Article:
Ah Saturday morning.
I'm sitting at my dining room table watching the wind peacefully loose snow from the trees behind my house. Behind my back coffee is percolating and the music of Rameau is just beginning to fill the room.
I like these calm moments. Creative work always requires you to live in your head, so it's not that mornings such as this are oases of introspection. I think I just like the quiet because I know I'm not ignoring anyone else at the moment. In many ways, creativity is a selfish impulse -- even though you're ultimately trying to share something with the world. It requires that you shut a lot of people out and turn a lot of people down. The voices in your head speak just loudly enough to demand attention, and just softly enough to require isolation.
...And don't read too much into that "voices in your head." I'm not speaking of a Gollum-type situation. :)
I know that this particular moment of calm won't last. As you've probably gathered from my Twitter Feed and too-terse Disqus comments, we've got a deadline fast approaching. A big, snarling, pointy-toothed deadline. So my calm Saturday morning is especially appreciated. I've got a Luzern ROTK program to finish up, and after that I simply need to put my thoughts in order and batten down for the storm to come.
Where are we with everything?
On January 4, Gary Day-Ellison and I set into internal design work in order to create a couple of proposals. I can't thank Gary enough for his guidance and patience during this phase. This is an especially dense and complex book. It's both analytical and narrative in nature, something that can be mined for individual nuggets of information, or read straight through in a strictly linear fashion. The analytical material is often interlocking, and the narrative material weaves together separate timelines and realities. So how do you keep that accessible and beautiful?
It all comes down to the eye. How does the eye meet the material? How do you navigate? How can you turn the page and immediately recognize what's what in our complex interlocked structure?
Gary's suggestion has been to create a rulebook. That's not a metaphor -- I actually typed some of this thing out! The rulebook states how different bits of material must be treated in the book, how much flexibility we have in terms of layout, and what we can not do.
For example, how will a choral text be presented? Where can it appear on the page, where can it not appear on the page? How many texts can you list a row before they feel overly dominant? How do we present a partial text? How does the choral text's font compare to the primary text's font? How will the title font compare to the lyric font? The credit font? What sort of visual flourishes enhance the choral text and what's is distracting? And so on, and so on.
This sort of scrutiny needs to be applied to everything in the book -- theme descriptions, music examples (short and long), section introductions, performers, instruments, captions, anecdotes, etc. But thanks to Gary's rulebook concept, not only will all this material seem like second nature to the reader, but we're able to maintain some semblance of sanity while working on the project. (Speaking of sanity, Gary and I are both lucky to have wonderful women in our lives to help us keep our minds straight -- my amazingly sweet and patient Jill, and Gary's lovely wife, Sandy Nightingale. Sandy, by the way, is currently illustrating a series of Great Women in History vignettes for Sandi Toksvig. You can check out her work at Gary's blog here, and at Sandy's own site here.)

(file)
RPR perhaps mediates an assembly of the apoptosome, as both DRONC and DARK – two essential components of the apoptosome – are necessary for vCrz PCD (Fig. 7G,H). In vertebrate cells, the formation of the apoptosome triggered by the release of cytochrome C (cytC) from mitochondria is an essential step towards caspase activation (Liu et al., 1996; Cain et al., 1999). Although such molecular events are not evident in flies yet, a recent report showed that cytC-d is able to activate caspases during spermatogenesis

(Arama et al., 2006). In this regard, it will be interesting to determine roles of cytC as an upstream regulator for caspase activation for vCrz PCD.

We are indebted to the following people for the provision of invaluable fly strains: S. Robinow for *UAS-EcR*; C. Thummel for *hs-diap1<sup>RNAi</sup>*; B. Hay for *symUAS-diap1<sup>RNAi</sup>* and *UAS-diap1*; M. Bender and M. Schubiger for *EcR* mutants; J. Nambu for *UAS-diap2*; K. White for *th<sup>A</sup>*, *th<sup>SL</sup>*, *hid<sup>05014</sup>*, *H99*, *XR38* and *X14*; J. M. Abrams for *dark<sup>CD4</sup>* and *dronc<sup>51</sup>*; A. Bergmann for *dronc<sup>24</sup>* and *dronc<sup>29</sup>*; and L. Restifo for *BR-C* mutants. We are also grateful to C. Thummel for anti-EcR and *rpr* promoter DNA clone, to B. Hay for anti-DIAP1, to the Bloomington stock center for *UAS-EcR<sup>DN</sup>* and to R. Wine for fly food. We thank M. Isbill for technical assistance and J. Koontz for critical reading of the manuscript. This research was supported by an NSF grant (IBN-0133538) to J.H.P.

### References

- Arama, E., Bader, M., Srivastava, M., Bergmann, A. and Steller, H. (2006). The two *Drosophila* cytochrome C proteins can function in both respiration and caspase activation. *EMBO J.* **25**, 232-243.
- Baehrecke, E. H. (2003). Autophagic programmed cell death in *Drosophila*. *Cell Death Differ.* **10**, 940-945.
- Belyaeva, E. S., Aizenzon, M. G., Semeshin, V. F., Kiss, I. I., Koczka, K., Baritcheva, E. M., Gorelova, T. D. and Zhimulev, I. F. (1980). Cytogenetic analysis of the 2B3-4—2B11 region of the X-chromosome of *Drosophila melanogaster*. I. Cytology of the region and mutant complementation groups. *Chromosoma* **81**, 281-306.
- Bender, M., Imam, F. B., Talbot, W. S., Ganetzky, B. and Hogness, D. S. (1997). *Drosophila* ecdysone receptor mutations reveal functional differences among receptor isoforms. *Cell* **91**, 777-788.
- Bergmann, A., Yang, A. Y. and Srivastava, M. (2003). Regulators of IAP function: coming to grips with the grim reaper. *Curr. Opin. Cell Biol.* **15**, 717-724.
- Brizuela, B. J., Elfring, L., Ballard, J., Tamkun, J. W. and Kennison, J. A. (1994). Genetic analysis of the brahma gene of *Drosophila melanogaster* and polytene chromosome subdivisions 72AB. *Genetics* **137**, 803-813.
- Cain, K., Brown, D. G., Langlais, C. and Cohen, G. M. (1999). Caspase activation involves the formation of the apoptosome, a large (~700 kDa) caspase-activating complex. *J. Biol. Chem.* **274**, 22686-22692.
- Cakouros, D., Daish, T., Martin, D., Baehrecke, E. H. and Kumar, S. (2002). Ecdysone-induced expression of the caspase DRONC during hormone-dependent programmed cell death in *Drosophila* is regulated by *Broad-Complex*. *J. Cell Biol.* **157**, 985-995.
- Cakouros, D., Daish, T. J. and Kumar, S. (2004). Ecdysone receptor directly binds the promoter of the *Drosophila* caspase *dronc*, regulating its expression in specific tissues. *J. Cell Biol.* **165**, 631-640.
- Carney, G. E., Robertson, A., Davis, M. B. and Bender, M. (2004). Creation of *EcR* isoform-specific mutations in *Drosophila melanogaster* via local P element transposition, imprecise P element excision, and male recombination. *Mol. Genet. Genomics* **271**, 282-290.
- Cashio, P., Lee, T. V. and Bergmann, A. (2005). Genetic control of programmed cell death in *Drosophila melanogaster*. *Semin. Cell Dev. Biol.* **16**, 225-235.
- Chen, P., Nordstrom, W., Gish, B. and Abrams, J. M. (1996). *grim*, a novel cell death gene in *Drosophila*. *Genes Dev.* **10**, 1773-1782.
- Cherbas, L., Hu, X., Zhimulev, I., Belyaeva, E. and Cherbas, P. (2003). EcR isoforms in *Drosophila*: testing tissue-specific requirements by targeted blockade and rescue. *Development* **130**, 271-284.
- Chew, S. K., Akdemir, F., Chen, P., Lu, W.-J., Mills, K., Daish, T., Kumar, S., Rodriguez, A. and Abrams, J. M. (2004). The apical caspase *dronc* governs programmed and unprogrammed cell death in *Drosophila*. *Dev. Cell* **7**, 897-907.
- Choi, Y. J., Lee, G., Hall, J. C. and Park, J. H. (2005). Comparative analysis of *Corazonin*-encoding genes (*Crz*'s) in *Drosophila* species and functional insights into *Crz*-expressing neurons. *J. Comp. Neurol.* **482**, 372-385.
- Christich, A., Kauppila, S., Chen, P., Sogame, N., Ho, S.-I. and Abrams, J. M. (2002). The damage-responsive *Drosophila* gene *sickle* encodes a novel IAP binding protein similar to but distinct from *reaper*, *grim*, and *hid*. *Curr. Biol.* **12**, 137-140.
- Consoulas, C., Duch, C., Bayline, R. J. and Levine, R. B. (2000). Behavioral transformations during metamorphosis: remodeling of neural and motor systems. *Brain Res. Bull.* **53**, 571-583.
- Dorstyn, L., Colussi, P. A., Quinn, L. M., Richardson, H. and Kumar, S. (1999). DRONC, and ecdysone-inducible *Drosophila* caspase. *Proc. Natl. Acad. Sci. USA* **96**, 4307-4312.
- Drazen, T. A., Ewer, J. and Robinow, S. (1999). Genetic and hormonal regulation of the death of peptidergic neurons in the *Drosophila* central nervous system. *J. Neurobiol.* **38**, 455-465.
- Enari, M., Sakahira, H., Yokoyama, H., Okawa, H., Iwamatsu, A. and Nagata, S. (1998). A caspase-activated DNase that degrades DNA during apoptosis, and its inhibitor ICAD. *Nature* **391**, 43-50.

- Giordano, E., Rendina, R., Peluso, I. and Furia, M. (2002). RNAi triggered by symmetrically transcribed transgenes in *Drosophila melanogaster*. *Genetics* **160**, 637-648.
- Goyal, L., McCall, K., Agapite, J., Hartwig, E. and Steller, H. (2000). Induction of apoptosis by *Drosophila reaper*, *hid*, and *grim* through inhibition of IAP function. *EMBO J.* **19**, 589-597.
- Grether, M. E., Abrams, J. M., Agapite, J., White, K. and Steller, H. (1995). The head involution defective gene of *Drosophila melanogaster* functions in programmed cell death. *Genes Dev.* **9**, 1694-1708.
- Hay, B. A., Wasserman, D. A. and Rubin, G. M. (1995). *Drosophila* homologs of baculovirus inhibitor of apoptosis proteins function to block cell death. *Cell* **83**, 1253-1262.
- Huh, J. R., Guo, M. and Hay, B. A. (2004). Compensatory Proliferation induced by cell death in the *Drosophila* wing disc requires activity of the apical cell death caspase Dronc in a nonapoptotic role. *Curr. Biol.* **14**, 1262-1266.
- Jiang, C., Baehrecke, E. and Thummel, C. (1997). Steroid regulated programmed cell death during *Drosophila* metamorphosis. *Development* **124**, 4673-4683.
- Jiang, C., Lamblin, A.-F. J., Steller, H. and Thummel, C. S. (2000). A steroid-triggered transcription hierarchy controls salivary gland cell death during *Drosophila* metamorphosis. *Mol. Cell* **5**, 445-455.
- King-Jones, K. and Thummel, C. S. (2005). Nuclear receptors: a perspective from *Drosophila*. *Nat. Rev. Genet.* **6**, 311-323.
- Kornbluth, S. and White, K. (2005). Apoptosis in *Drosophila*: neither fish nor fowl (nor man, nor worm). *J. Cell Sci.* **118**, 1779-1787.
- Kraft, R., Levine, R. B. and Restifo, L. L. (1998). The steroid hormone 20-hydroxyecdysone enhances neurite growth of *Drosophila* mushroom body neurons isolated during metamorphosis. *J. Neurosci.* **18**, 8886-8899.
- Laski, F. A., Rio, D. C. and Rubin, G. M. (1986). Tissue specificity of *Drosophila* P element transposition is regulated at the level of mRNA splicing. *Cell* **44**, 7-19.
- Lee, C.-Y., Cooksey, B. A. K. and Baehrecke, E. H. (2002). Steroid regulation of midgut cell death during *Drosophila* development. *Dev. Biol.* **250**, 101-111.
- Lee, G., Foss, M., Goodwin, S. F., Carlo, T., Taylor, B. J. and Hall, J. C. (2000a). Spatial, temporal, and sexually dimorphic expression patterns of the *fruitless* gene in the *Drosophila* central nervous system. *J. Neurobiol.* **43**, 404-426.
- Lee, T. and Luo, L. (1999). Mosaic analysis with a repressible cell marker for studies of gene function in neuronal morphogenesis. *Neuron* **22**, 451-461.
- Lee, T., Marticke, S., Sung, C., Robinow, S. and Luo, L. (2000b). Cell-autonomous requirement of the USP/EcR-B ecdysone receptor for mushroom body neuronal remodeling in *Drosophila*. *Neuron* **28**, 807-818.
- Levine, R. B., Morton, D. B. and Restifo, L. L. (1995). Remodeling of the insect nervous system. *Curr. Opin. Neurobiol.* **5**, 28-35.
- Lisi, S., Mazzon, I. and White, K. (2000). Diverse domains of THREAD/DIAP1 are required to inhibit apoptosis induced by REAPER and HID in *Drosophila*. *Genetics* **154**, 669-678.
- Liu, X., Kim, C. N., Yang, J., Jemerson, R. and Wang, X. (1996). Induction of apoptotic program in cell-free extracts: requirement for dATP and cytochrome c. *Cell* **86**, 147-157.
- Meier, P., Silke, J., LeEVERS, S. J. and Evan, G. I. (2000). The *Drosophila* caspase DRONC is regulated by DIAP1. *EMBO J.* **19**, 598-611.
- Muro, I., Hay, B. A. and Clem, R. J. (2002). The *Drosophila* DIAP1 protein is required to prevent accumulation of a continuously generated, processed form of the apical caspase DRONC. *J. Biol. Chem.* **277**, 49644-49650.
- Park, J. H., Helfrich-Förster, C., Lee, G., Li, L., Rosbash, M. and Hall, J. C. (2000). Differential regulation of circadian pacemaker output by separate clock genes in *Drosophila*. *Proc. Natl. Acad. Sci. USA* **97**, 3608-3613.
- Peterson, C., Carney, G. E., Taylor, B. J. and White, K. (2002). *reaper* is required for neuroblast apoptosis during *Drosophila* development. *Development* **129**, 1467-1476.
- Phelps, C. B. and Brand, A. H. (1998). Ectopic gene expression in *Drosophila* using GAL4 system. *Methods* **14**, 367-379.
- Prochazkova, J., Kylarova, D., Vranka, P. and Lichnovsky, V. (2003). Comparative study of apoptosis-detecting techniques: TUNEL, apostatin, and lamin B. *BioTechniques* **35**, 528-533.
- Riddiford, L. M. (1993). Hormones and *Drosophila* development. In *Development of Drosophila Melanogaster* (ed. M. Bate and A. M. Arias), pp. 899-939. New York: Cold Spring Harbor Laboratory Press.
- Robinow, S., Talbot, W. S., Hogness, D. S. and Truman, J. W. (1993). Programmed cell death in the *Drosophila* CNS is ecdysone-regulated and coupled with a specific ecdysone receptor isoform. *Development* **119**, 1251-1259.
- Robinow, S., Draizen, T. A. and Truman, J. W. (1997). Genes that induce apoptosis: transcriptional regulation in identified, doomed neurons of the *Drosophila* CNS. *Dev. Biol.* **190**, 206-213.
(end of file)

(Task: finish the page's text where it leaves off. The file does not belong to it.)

You may remember that I spent my holidays finishing up a rather extensive rewrite of certain sections of the book. This rewrite was made possible by Gary's rulebook concept. Because the rulebook made a complex visual structure so easily digestible, I was was able to restructure the writing in a way I'd always hoped to. "Concurrent information" was no longer a terrorizing phrase. Of course, new text creates an opportunity for new typos... and I do love typos! :) So this week, the rewrite went off to our newest friend, Sue Viccars. Sue is currently proofing/copyediting the text while Gary and I wait for approval on a few visual concepts. Come next week, I hope to have both the approvals we need and the vetted text on hand. Then we'll start to set everything into place, and away we go!
While the upcoming sleep deprivation has me a bit nervous, I'm actually quite excited to enter this phase. With all the proposals and spot-checks of the past few weeks, it will feel quite nice to begin right the start of the book and work straight through it -- Foreword, Introduction, Prologue, etc...
It a project that's been so wildly nonlinear, it's amazing to think that we're now finally able to head in a straight line.